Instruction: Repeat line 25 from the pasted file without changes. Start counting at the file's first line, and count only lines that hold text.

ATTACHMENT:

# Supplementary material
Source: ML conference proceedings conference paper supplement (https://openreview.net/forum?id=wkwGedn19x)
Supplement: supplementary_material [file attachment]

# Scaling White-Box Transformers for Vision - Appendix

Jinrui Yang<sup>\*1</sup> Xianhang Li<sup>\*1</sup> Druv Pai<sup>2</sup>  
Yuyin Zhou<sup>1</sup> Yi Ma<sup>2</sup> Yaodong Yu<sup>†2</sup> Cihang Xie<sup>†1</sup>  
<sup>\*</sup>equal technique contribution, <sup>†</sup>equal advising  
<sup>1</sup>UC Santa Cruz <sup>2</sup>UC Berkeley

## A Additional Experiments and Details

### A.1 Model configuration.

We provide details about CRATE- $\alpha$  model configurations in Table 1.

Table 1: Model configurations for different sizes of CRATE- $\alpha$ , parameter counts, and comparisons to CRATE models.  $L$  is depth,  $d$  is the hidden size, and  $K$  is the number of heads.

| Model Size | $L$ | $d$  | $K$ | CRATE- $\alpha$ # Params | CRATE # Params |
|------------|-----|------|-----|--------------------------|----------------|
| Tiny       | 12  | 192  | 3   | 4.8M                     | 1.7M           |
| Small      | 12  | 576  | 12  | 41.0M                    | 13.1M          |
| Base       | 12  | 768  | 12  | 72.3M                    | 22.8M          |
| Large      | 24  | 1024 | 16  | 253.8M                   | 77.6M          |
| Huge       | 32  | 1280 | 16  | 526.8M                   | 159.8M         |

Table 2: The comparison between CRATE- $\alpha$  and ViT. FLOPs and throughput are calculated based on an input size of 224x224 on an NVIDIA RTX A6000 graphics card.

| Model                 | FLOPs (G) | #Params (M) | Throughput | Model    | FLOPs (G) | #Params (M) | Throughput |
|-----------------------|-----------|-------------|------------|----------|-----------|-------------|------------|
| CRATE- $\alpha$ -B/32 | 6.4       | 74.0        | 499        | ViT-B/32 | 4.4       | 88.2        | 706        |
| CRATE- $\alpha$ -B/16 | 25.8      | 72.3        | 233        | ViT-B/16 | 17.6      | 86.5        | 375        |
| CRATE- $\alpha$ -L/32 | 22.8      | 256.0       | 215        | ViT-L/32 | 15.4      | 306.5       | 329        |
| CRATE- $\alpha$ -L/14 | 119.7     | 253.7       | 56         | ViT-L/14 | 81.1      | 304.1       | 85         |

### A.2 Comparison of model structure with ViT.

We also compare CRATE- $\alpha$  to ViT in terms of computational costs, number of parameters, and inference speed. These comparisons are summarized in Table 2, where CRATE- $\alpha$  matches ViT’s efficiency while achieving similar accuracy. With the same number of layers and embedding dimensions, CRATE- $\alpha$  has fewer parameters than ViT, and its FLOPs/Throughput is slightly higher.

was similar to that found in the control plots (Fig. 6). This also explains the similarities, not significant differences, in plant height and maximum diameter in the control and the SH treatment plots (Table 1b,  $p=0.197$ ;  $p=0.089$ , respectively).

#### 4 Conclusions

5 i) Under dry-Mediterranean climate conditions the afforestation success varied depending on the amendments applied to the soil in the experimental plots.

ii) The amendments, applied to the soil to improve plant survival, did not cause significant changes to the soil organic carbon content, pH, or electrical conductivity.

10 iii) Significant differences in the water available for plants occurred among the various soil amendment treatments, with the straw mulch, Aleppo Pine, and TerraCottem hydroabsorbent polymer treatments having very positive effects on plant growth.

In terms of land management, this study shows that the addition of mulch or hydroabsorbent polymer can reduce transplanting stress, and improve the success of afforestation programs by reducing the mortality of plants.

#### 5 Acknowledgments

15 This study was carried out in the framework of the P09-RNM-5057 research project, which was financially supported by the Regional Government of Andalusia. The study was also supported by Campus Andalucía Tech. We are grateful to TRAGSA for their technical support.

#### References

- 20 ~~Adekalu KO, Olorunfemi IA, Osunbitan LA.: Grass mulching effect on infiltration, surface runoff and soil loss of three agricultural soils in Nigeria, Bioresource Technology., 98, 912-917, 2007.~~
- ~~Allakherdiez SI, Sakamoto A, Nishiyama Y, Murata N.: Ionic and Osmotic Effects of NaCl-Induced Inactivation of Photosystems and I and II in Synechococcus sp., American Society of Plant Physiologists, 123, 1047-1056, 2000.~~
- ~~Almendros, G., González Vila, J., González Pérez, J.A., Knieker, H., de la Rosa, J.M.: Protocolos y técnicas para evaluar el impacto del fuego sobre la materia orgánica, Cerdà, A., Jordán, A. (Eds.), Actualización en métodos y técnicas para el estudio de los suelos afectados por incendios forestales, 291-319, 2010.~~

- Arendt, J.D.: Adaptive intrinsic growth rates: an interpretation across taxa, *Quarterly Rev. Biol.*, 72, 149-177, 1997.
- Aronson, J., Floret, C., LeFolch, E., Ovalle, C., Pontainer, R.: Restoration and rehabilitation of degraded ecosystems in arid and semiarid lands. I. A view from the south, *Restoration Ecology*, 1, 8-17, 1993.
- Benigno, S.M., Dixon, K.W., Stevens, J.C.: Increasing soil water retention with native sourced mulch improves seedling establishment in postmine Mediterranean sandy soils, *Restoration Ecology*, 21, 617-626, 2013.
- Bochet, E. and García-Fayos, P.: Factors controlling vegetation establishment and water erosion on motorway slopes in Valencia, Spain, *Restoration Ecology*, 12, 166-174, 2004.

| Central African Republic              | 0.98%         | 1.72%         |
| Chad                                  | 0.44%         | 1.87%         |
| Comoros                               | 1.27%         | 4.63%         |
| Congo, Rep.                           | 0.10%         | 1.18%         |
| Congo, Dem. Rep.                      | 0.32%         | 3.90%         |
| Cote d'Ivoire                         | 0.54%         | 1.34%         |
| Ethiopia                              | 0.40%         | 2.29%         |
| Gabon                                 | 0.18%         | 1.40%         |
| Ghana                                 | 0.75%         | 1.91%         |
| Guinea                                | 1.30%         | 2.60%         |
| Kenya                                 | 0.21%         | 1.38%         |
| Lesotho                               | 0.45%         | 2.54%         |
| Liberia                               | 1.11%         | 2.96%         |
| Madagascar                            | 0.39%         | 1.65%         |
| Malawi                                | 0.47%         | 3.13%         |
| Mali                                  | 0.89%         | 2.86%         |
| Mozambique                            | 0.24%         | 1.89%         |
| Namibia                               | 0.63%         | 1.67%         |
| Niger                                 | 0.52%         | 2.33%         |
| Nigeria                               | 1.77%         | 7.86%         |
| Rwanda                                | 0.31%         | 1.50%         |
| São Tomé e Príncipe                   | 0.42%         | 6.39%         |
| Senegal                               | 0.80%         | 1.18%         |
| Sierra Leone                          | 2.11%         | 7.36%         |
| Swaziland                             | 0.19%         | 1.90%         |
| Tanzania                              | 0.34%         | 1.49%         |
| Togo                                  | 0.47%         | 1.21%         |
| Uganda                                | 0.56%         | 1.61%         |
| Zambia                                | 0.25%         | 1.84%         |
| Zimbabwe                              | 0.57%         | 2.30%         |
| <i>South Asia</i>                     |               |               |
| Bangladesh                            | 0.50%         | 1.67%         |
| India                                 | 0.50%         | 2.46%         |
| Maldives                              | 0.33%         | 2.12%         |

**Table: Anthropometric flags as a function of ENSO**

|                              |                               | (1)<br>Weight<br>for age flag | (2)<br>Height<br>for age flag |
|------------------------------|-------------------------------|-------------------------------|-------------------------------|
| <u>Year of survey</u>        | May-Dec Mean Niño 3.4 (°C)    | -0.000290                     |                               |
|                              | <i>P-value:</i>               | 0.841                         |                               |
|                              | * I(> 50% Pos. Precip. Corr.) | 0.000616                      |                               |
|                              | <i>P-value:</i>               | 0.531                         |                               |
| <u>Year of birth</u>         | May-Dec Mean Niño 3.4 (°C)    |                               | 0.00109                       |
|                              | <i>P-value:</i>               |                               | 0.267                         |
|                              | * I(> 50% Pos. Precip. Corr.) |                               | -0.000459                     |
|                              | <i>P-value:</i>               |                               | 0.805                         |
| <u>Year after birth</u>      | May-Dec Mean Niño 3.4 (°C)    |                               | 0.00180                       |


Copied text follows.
| CRATE- $\alpha$ -L/32 | 22.8      | 256.0       | 215        | ViT-L/32 | 15.4      | 306.5       | 329        |